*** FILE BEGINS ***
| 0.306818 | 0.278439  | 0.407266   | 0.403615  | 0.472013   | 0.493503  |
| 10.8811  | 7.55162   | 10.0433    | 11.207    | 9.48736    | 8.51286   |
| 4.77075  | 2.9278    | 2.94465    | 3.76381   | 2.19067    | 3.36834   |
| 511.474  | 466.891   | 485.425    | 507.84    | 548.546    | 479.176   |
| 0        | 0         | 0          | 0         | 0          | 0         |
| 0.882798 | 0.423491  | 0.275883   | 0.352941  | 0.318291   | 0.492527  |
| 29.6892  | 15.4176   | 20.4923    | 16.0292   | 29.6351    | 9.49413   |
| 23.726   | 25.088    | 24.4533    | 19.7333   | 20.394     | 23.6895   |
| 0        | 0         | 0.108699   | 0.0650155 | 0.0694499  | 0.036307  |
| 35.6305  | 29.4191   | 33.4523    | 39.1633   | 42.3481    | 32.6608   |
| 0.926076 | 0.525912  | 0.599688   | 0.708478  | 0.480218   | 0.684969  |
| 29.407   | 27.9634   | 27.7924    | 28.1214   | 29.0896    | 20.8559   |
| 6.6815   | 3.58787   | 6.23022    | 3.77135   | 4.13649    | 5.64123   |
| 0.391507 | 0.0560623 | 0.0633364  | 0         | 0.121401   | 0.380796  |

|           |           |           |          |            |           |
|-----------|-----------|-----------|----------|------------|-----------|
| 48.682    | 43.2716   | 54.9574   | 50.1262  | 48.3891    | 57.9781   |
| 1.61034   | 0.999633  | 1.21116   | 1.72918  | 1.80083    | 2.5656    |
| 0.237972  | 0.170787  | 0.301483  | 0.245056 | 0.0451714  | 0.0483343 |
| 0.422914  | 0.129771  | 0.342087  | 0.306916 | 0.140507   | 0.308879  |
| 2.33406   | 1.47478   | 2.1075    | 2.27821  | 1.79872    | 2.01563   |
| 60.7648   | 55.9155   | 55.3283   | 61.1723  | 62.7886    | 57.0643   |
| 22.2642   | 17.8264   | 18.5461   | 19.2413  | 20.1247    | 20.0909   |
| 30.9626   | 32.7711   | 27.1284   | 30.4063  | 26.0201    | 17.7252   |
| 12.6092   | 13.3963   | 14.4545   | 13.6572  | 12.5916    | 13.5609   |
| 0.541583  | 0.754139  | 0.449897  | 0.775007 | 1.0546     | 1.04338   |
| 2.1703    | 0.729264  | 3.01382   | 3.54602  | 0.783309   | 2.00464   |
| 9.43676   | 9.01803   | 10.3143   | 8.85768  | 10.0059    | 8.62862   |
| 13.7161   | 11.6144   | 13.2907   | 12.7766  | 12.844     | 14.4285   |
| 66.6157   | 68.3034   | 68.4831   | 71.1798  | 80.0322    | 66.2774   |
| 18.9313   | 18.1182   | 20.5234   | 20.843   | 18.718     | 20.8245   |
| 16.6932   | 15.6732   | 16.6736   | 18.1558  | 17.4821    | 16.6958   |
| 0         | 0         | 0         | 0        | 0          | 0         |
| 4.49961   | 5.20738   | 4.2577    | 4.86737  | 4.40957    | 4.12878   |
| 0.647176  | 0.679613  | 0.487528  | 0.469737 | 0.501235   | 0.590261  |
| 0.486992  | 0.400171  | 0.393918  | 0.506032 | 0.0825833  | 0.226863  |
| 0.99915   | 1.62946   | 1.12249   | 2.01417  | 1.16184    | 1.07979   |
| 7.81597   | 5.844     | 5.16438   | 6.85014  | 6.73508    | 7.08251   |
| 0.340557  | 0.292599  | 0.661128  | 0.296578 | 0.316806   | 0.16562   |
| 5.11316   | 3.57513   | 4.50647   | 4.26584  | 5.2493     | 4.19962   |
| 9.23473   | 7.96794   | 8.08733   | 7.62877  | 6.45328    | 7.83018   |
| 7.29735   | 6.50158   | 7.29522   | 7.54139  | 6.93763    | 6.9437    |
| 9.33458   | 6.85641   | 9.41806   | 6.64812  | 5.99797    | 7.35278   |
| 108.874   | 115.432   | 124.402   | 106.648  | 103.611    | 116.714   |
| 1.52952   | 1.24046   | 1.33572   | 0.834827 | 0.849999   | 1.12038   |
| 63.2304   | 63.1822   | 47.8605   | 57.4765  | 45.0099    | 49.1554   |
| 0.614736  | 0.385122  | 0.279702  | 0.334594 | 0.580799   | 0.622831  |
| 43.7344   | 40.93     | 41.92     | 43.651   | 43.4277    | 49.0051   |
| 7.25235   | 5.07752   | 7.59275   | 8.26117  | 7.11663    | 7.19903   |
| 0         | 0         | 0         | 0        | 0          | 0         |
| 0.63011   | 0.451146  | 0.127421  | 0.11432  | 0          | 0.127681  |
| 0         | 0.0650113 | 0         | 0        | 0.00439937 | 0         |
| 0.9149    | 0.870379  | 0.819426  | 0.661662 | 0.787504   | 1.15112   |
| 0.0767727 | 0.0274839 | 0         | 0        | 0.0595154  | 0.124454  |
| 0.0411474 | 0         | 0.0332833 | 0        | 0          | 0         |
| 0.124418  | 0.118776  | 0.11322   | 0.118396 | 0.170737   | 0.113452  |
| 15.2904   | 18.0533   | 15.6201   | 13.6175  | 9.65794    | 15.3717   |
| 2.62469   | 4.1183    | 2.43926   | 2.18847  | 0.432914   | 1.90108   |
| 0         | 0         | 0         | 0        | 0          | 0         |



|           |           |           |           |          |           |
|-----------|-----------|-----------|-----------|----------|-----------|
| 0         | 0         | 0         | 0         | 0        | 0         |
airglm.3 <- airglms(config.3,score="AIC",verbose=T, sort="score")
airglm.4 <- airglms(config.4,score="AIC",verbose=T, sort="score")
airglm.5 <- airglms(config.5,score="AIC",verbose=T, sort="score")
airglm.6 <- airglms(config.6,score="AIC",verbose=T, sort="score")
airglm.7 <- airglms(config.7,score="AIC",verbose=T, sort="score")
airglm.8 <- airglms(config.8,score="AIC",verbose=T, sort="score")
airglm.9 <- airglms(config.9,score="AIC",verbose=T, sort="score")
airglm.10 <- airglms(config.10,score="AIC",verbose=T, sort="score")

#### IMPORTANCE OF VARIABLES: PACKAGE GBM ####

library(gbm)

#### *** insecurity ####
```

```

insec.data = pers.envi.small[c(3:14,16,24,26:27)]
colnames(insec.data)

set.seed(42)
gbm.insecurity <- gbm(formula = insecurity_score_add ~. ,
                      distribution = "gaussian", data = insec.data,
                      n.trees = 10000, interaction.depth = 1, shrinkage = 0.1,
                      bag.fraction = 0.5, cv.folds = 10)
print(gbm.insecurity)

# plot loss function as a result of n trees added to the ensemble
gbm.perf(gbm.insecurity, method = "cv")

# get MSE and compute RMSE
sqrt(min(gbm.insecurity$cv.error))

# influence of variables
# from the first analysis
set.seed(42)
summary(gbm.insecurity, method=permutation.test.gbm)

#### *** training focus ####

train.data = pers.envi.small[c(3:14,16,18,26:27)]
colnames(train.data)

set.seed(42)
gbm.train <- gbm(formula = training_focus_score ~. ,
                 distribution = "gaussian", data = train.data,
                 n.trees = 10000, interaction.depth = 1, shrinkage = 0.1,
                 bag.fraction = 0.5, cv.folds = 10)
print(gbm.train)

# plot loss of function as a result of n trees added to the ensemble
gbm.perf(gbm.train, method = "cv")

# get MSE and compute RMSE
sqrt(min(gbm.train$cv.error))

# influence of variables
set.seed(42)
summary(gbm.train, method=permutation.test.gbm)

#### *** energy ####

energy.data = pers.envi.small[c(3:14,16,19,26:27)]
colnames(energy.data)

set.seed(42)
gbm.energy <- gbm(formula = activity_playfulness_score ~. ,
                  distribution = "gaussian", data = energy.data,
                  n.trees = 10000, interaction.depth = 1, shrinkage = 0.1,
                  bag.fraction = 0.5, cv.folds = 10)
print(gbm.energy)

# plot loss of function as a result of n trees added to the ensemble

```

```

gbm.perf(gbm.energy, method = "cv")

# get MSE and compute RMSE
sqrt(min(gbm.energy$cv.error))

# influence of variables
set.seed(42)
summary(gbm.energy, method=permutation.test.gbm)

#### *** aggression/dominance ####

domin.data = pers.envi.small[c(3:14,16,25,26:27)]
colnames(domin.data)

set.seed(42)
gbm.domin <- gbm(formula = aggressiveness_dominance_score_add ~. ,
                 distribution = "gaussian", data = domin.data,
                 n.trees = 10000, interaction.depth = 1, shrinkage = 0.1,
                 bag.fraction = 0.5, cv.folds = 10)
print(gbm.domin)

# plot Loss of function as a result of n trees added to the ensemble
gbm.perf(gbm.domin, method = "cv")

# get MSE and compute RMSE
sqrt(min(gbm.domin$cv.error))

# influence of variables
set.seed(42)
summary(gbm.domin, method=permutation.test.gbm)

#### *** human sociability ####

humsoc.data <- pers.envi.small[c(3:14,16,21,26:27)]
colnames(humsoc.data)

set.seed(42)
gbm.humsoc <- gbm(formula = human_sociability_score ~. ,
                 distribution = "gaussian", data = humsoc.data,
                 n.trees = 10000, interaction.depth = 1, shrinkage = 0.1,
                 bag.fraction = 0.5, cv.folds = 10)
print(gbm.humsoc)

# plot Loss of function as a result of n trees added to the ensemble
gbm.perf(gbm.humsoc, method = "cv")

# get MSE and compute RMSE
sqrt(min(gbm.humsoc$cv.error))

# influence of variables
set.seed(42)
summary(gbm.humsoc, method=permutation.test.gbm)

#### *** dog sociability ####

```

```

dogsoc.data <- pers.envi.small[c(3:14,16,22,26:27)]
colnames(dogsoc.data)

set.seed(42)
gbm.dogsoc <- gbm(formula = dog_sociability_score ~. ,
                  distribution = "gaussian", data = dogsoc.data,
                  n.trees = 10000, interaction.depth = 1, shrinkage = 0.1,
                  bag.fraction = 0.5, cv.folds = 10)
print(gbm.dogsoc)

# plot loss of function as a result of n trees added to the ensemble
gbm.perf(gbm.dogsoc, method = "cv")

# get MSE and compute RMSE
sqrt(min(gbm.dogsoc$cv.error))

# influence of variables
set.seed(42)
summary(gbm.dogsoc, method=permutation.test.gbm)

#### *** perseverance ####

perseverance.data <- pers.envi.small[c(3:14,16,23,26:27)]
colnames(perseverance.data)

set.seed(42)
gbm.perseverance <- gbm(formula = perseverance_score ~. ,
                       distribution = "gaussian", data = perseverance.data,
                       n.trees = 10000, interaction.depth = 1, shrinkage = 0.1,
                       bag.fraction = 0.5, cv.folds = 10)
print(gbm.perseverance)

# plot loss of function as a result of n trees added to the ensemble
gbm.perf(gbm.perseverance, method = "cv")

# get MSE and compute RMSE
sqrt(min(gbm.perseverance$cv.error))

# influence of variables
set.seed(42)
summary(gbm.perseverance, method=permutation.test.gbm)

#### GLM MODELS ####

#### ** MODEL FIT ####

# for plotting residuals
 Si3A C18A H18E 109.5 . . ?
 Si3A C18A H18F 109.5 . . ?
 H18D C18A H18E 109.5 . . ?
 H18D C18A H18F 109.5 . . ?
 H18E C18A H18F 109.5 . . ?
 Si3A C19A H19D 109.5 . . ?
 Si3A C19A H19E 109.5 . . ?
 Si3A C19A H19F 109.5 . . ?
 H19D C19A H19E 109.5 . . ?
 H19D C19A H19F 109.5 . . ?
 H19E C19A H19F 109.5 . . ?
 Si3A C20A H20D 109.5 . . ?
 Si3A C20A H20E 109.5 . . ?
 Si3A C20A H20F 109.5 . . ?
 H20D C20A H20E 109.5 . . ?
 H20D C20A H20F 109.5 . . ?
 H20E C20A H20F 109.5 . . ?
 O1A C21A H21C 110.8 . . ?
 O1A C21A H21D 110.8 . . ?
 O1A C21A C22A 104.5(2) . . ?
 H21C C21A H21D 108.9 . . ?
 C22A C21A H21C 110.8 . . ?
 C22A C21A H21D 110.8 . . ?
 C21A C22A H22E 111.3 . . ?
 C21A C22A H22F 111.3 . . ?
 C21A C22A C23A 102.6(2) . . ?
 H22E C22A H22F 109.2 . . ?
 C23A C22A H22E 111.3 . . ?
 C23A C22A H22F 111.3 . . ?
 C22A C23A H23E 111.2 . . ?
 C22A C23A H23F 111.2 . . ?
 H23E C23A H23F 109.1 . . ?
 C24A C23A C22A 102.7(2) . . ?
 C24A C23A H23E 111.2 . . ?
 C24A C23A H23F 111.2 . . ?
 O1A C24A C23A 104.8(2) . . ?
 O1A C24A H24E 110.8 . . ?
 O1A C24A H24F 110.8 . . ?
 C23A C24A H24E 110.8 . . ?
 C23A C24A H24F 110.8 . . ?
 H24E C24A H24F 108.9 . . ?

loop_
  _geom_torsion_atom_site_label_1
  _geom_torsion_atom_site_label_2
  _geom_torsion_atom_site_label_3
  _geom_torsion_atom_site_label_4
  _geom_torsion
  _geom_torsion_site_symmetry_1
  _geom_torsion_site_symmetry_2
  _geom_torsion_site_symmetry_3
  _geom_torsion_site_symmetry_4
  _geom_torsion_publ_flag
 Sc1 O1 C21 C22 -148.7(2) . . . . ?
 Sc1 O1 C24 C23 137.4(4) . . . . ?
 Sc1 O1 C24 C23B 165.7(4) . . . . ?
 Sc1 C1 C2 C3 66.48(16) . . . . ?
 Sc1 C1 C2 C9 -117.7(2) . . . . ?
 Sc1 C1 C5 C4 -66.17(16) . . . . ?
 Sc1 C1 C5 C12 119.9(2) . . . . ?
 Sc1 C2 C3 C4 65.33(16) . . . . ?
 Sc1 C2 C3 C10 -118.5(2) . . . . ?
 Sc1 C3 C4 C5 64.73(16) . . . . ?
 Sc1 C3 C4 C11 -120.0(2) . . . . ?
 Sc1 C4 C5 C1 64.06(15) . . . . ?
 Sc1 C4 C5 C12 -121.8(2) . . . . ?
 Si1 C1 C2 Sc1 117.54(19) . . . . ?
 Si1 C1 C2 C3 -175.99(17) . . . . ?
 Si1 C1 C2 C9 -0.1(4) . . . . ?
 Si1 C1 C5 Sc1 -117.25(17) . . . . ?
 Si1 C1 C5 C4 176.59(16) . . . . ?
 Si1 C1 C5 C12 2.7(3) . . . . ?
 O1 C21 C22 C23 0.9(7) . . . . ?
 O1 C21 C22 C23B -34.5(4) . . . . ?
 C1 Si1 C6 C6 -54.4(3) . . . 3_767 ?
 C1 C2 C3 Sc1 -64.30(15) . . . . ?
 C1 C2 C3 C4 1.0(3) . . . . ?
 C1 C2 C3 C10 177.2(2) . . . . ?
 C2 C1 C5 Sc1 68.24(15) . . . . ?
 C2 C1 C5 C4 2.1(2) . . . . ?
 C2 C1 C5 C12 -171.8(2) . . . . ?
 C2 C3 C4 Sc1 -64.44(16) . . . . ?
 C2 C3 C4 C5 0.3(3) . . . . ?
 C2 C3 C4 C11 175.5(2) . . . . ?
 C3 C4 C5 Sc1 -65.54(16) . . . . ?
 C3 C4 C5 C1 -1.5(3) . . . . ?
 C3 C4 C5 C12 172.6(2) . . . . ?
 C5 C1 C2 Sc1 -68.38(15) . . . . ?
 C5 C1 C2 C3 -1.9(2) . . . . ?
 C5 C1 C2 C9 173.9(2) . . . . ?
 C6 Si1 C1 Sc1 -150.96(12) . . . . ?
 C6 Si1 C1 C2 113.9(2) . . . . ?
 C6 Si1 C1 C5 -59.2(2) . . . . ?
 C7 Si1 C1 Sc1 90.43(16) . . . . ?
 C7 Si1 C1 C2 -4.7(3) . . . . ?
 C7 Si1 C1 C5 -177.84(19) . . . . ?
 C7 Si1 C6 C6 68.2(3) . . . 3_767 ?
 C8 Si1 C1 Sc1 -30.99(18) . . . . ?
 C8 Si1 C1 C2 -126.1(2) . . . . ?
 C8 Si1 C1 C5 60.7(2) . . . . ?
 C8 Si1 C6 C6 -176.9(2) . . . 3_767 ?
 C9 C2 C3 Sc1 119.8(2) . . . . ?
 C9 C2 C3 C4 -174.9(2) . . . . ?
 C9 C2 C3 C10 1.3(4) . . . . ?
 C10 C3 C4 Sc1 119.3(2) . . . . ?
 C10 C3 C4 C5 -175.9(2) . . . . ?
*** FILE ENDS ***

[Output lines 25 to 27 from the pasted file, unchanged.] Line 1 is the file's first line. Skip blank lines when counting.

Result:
| 12.6092   | 13.3963   | 14.4545   | 13.6572  | 12.5916    | 13.5609   |
| 0.541583  | 0.754139  | 0.449897  | 0.775007 | 1.0546     | 1.04338   |
| 2.1703    | 0.729264  | 3.01382   | 3.54602  | 0.783309   | 2.00464   |